When the Answer is a Question…

Standard

Who questions much,

shall learn much,

and retain much.

Francis Bacon

After reading several blogs this summer, I realized I gave my students too many answers.  I often times would answer them directly – there was little thinking on their part.  So, one of my professional growth goals as I began this school year was to not give so many answers.  I wanted to give students more opportunities to think on their own.  I have realized in the past few weeks – maybe because my students are making “fun” of me – but also, because I see the tilt of their heads when I answer their questions with a question…

Shortly after fall break, one student shook his head and slapped his hands on the desk and asked, “Why do you do that?”  “Do what?” I looked at him puzzled…”That!  You only answer our questions with a question!”  My reply, “So…why do I do that?”  There were giggles and smiles as a conversation arose – “basically to make us think,” another student chimed in.  I allowed a few of them to vent their frustrations – but this has not deterred me in the least.  Multiple times since, he has stated, “There you go again.” And I smile.

I find it humorous.  Apparently my “teaching strategy” has been the topic of conversation outside of class.

 My goal is simply that they’ll be able to answer it on their own. How often do we ask a question, noone responds, so we assume noone knows the answer, so we give them the answer.  They never even turn on their brain – they simply wait for us to give them the answer.  Been there.  Done that.  Wait time makes us nervous, we must keep the lesson moving – keep the flow of the class going…so we give them the answer.  No thinking has taken place – on their part or mine.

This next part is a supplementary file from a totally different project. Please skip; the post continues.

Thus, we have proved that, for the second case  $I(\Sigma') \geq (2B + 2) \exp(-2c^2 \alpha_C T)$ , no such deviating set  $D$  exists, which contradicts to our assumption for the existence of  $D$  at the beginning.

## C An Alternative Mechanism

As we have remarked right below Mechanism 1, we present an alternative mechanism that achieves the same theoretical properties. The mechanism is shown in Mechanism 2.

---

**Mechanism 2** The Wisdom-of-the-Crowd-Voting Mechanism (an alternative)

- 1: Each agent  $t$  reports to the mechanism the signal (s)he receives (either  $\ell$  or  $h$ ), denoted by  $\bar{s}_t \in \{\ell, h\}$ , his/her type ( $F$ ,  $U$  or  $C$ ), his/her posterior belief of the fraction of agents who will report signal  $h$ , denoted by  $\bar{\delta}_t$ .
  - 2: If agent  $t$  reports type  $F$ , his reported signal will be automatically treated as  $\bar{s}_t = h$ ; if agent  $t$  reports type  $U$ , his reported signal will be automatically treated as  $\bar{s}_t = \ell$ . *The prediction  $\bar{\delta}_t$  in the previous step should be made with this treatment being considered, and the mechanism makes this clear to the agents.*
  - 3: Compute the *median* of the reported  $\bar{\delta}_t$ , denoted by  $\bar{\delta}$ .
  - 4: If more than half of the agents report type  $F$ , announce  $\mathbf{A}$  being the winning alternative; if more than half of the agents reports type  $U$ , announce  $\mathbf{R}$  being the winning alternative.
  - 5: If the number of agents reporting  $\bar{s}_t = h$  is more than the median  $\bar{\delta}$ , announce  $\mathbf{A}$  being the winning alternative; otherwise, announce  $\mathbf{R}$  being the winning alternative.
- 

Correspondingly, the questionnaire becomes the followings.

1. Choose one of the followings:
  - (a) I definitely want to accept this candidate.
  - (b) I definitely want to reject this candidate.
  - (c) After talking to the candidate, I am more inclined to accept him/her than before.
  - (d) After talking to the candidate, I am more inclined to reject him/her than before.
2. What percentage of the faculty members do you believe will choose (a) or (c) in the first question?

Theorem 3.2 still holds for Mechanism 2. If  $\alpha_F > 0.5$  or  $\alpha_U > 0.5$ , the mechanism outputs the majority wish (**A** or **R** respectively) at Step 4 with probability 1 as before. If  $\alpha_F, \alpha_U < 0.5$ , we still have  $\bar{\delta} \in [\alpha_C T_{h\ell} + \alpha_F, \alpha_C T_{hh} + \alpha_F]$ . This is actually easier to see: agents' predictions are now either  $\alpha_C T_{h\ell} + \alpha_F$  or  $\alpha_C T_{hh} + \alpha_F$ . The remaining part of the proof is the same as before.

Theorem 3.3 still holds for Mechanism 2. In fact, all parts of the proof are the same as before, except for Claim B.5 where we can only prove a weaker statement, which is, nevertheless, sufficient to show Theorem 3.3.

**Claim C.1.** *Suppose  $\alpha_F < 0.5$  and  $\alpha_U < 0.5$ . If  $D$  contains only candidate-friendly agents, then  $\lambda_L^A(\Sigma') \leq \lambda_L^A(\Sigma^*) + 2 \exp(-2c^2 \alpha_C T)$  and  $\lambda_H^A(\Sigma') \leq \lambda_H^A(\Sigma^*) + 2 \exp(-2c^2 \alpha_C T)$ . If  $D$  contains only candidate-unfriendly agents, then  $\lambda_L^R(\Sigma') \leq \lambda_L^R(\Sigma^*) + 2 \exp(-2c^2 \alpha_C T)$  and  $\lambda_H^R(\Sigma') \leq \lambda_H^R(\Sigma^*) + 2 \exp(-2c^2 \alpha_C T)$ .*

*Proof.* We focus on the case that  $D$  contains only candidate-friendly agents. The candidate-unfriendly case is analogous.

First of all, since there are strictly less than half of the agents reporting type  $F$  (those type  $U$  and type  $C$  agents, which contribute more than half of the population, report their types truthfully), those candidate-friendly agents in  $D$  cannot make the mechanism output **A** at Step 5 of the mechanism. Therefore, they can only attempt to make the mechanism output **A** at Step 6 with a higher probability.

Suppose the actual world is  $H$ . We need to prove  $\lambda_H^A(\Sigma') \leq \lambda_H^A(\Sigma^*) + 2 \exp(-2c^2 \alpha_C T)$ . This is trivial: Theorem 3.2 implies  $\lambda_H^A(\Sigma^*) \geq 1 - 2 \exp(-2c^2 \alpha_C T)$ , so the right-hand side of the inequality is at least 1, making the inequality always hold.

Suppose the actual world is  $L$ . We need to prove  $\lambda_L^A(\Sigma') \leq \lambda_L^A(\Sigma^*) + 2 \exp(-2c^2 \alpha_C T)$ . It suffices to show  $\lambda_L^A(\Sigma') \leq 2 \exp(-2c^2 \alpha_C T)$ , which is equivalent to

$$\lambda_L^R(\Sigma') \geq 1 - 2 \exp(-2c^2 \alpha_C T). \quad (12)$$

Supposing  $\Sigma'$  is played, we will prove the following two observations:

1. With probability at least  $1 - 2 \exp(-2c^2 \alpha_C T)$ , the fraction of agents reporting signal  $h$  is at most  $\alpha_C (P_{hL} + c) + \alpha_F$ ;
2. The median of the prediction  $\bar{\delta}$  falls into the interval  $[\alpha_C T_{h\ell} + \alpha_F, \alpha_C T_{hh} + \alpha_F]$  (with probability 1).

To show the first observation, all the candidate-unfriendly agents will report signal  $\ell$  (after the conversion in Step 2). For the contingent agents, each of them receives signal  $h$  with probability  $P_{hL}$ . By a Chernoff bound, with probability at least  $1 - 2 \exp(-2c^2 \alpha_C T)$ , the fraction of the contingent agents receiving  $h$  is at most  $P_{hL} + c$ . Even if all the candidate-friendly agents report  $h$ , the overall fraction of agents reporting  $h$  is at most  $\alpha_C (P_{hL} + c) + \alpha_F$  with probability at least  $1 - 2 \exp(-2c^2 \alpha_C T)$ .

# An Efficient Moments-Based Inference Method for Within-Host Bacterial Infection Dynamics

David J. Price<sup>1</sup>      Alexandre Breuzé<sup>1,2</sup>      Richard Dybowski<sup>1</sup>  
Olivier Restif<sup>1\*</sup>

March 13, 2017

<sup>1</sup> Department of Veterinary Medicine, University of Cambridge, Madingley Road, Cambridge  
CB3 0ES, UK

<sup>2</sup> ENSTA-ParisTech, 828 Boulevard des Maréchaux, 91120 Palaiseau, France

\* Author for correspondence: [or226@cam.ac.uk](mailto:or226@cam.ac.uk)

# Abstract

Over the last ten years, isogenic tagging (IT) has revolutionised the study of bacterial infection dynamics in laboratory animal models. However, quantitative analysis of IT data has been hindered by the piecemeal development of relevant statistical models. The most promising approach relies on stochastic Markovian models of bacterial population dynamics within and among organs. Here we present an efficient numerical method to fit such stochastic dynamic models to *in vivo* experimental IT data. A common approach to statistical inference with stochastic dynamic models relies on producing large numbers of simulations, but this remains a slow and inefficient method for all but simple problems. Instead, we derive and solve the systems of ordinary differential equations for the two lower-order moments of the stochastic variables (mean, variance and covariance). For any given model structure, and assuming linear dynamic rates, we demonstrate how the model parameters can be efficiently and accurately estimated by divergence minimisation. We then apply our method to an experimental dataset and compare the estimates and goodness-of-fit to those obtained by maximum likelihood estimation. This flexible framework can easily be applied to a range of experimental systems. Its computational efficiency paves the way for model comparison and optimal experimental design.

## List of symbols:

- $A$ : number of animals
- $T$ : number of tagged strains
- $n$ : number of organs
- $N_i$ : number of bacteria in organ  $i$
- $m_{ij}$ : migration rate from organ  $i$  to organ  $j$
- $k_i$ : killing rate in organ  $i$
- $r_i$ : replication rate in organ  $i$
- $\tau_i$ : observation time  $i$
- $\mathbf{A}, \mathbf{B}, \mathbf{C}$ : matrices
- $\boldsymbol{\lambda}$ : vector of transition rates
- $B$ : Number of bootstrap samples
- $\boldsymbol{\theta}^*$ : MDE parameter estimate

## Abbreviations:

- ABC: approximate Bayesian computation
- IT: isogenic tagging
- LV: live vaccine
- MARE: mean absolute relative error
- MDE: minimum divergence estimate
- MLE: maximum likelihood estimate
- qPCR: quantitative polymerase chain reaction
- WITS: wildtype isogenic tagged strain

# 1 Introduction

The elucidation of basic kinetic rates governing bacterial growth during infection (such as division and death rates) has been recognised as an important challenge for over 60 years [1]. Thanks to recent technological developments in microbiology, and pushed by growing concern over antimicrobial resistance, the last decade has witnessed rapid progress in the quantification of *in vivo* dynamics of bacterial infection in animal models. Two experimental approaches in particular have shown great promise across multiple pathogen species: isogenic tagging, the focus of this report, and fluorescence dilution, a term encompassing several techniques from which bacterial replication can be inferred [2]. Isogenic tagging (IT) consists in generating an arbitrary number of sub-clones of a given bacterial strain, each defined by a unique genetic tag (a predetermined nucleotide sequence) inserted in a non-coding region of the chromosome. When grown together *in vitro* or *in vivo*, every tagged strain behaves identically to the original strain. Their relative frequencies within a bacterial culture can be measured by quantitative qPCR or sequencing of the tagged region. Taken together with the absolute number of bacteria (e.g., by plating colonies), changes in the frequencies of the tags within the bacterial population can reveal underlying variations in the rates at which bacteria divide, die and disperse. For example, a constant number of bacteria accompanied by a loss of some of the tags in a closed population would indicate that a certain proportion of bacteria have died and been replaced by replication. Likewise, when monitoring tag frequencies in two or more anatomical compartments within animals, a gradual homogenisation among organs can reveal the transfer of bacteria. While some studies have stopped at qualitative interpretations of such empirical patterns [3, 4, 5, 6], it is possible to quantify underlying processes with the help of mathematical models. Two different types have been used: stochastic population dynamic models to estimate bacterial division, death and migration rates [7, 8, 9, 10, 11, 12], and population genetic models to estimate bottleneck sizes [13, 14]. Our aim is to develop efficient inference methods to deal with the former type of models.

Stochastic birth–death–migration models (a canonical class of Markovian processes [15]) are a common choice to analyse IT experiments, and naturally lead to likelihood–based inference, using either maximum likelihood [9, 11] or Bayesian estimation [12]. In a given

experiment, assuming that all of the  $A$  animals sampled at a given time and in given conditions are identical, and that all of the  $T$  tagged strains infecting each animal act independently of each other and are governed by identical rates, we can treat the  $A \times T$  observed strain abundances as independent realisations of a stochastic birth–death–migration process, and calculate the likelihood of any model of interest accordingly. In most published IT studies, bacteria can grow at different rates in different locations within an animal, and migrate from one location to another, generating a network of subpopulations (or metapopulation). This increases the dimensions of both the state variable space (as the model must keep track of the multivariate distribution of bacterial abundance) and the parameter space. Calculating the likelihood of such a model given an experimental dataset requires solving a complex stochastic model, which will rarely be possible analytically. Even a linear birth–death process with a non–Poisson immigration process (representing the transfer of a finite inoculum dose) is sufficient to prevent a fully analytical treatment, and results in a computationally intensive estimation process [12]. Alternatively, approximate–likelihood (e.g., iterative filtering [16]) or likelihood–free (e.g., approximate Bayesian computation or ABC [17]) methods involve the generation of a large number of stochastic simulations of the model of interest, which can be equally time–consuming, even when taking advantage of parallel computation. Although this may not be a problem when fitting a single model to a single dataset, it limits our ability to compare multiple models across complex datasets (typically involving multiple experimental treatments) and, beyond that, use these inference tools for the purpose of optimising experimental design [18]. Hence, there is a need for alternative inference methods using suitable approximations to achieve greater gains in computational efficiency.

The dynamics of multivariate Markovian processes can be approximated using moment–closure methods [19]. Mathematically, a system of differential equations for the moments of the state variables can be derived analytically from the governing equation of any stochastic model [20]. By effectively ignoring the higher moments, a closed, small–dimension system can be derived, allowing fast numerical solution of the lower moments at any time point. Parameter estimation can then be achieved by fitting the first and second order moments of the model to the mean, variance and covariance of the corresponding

What about the student who simply doesn’t want to participate, so they reply “I don’t know” and the teacher moves on to someone else.  Stop!  Keep asking them!  Change the question, lead them a little – but NEVER let them get by with “I don’t know.”  What about asking them to tell you what they do know.  Good starting point.  Find out what they do know and work from there.  Hmm.  If they are hard to nudge – ask them to read the directions or re-read the problem, but NEVER move on and let them get by with nothing!

I remember once – many, many years ago – at a training, the presenter shared his strategy for the “I don’t know” student:  Ask them, “Well, if you did know, what would you say?”  Again, you may not get a response pertaining to the original question – but for a moment, their brain thought about what you just said to them.  The goal accomplished – getting them to think.

When giving written feedback, I try to pose reflective questions – to hopefully help them develop those analytical skills.  When I answer with a question with a question – it gives them and their classmates a chance to think. 

Jokingly I commented how I felt they didn’t appreciate my teaching strategies – a student commented, “I actually find it refreshing.”  And I’ll take that as a complement anyday.

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